In this light, BOIs can be conceived of as targeting specific inferential mechanism employed by the organism, thus directly confirming the functional architecture suggested by probabilistic models of MPS—but this also opens up some questions. It seems that BOIs primarily affect mechanisms operating at lower levels of self-modeling, because the induced conflict can readily be resolved without inducing panic or pathological conditions, and because the recalibration of one modality onto another relies on relatively basic multisensory mechanisms (Tsakiris, 2010; Blanke, 2012; Gentile et al., 2013). On the other hand, the adjustment of physiological responses (Ehrsson et al., 2007; Moseley et al., 2008; Barnsley et al., 2011) might imply that BOIs also affect higher levels of the self-model (Seth, 2013). To understand the implications of BOIs for MPS, it is crucial to identify which levels of MPS they affect: When do these illusions merely alter perceptual features of oneself, and when—if at all—do they in fact affect MPS per se?
Metzinger (2013a,b) has recently clarified the MPS conceptualization by introducing the term phenomenal unit of identification (UI), “the phenomenal property with which we currently identify, exactly the form of currently active conscious content that generates the subjective experience of ‘I am this”’ (2013b). As I take it, the UI concept can be used in two ways: It specifies the content with which the self-model identifies—this self-identification leads to the experience of MPS (Metzinger, 2004). Formally, we may think of the UI as the evidence or the “origin” of the current generative model (the “region of maximal invariance,” Metzinger, 2013a; see also Friston, 2011; Limanowski and Blankenburg, 2013).
The important point is that the UI concept may help to answer our question: BOIs do affect MPS, just not in its entirety. The resolution of BOI-evoked conflicts by changing the representation of certain features of oneself, despite attacking fundamental conditions of MPS, may not be sufficient to change the UI. Even the extension of BOIs to the fully body—although surely a step in the right direction—does not necessarily imply a change in the UI: For example, since FBIs seem to employ the same multisensory mechanisms as the RHI (Petkova et al., 2011; Maselli and Slater, 2013), it could be that what becomes subject to the illusion is actually not the whole body, but just the stimulated part of the body (e.g., the torso in the FBI, Smith, 2010; Metzinger, 2013a; see Tsakiris et al., 2006, for such evidence). More importantly, FBIs may also manipulate only individual features of one's self-representation such as one's visual appearance or physical location.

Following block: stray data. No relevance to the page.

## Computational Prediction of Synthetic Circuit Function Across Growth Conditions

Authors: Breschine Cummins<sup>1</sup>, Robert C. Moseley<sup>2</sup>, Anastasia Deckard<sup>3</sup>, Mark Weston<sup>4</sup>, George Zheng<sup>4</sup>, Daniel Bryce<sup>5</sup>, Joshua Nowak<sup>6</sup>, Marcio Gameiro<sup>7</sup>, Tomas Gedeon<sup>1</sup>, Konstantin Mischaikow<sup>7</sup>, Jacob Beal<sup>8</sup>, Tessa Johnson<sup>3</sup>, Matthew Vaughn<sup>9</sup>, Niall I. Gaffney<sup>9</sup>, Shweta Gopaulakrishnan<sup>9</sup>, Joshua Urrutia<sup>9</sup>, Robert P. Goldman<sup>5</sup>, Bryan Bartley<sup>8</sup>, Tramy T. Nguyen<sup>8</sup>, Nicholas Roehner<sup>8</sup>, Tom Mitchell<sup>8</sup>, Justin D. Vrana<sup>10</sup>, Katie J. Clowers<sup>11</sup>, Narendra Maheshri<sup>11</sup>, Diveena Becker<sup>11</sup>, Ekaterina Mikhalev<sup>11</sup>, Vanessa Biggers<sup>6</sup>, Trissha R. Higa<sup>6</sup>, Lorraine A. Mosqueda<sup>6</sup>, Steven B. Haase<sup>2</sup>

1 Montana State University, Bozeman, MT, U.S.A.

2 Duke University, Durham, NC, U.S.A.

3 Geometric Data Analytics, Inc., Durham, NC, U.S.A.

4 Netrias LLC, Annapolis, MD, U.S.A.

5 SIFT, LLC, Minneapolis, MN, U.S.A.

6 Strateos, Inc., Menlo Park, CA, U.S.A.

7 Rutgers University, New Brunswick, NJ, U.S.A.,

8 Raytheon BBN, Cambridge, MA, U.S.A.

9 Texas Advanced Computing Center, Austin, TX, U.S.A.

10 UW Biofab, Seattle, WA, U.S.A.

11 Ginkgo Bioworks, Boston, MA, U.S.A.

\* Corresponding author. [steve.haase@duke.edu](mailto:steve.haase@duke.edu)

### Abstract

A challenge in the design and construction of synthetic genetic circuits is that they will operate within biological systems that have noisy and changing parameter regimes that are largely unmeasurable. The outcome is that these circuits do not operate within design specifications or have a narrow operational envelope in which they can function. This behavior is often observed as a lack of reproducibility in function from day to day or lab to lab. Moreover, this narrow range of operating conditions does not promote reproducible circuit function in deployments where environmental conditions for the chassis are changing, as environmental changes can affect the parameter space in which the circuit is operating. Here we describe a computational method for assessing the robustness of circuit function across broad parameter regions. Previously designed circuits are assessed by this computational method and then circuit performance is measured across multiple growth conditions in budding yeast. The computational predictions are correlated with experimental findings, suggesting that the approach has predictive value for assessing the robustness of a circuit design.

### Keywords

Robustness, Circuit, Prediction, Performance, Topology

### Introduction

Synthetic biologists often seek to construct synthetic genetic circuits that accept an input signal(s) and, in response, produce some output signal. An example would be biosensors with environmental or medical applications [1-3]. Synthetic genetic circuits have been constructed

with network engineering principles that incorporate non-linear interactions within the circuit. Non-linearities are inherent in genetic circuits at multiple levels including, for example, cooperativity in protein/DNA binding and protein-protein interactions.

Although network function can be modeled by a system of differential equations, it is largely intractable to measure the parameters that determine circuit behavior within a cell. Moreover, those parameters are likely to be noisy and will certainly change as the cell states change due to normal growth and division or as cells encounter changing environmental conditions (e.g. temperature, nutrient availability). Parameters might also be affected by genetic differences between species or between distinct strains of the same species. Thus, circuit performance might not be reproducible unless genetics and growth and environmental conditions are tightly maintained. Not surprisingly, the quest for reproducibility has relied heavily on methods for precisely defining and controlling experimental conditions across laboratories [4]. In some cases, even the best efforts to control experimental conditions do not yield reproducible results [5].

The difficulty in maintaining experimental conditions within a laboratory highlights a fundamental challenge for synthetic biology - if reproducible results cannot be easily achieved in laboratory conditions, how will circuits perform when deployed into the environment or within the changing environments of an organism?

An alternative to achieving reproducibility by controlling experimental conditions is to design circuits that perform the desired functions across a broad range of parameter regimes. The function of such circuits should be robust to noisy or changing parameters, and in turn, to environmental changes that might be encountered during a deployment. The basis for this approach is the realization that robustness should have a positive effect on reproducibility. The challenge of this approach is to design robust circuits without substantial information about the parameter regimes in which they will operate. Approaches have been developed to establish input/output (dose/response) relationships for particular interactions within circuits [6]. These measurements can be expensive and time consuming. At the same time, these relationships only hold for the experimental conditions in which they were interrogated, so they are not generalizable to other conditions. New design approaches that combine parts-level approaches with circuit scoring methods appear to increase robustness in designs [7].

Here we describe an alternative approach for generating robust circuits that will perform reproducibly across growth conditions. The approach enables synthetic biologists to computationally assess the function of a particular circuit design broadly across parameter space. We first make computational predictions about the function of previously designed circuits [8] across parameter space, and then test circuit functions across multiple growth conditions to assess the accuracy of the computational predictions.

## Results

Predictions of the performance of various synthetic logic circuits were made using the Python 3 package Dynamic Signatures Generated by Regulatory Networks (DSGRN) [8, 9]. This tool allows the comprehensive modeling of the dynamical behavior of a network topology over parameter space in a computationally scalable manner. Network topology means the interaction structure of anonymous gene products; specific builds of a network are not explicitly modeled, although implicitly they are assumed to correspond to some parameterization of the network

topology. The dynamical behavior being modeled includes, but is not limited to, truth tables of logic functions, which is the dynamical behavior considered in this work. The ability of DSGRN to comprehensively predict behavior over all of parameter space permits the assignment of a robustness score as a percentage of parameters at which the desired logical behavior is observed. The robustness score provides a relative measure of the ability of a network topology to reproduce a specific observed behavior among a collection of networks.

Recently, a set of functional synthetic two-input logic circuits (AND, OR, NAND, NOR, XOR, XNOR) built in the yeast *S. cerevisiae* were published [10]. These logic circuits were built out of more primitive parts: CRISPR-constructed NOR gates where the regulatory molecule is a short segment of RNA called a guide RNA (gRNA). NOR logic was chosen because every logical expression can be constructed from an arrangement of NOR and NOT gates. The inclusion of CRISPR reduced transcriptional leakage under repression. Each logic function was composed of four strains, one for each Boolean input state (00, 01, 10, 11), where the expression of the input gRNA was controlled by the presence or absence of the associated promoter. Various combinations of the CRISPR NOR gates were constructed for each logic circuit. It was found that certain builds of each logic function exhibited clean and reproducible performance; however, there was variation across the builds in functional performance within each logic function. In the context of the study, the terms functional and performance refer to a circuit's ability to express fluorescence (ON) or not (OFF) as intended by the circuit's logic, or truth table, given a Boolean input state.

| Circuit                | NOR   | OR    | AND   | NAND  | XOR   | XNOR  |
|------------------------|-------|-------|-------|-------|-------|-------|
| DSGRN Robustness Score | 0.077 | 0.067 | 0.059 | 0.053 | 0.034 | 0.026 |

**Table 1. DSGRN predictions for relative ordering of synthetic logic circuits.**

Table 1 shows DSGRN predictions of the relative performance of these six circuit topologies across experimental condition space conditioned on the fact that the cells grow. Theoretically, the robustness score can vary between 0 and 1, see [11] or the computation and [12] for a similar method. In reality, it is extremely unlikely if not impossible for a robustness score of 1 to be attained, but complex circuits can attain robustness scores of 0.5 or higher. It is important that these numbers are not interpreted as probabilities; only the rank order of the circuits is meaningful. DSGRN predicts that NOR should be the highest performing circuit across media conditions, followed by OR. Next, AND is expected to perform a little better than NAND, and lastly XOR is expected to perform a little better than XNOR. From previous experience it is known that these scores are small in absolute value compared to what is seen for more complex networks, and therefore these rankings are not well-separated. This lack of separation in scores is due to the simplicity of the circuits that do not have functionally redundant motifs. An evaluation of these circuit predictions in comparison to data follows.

Interestingly, however, Metzinger (2013a,b) proposes that the UI may change during mind wandering episodes, bodiless dreams, and some forms of out-of-body experiences. The resulting claim that an explicit body representation may actually not be required for MPS (Metzinger, ibd.) is in line with the proposal that a core self is present even when disconnected from exteroceptive sensory input (e.g., during sleep, Park and Tallon-Baudry, 2014). Such proposals are inspiring, but they also show that much work still needs to be done to understand the exact relation between the body, MPS, and its UI. Probabilistic models following the FEP offer a promising way of formally describing the underlying self-modeling mechanisms, but in addition, new experimental approaches addressing specific levels of MPS are needed. To avoid confusion, these approaches should acknowledge the dual role of the body as both subject and object of experience.
BOIs have proven an important tool for understanding MPS. But one should keep in mind that BOIs manipulate individual features of one's self-representation, and that this manipulation of certain dimensions of MPS not necessarily affects the UI. Nevertheless, if situated within a phenomenologically inspired probabilistic model, BOIs can contribute to our understanding of MPS by clarifying its hierarchy, and to further developing the UI concept and its relation to the body. Whether we can develop paradigms that manipulate the UI to actually create the illusion of being someone else is a different question, but there are promising new developments that encourage to pursue it.
Conflict of Interest Statement
The author declares that the research was conducted in the absence of any commercial or financial relationships that could be construed as a potential conflict of interest.
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Keywords: body ownership, Illusion, self, minimal self, rubber hand illusion
Citation: Limanowski J (2014) What can body ownership illusions tell us about minimal phenomenal selfhood? Front. Hum. Neurosci. 8:946. doi: 10.3389/fnhum.2014.00946
Received: 25 June 2014; Accepted: 06 November 2014;
Published online: 24 November 2014.
Edited by:Adam Reeves, Northeastern University, USA
Reviewed by:Marcello Costantini, University of Chieti, Italy
Matthew Apps, University of Oxford, UK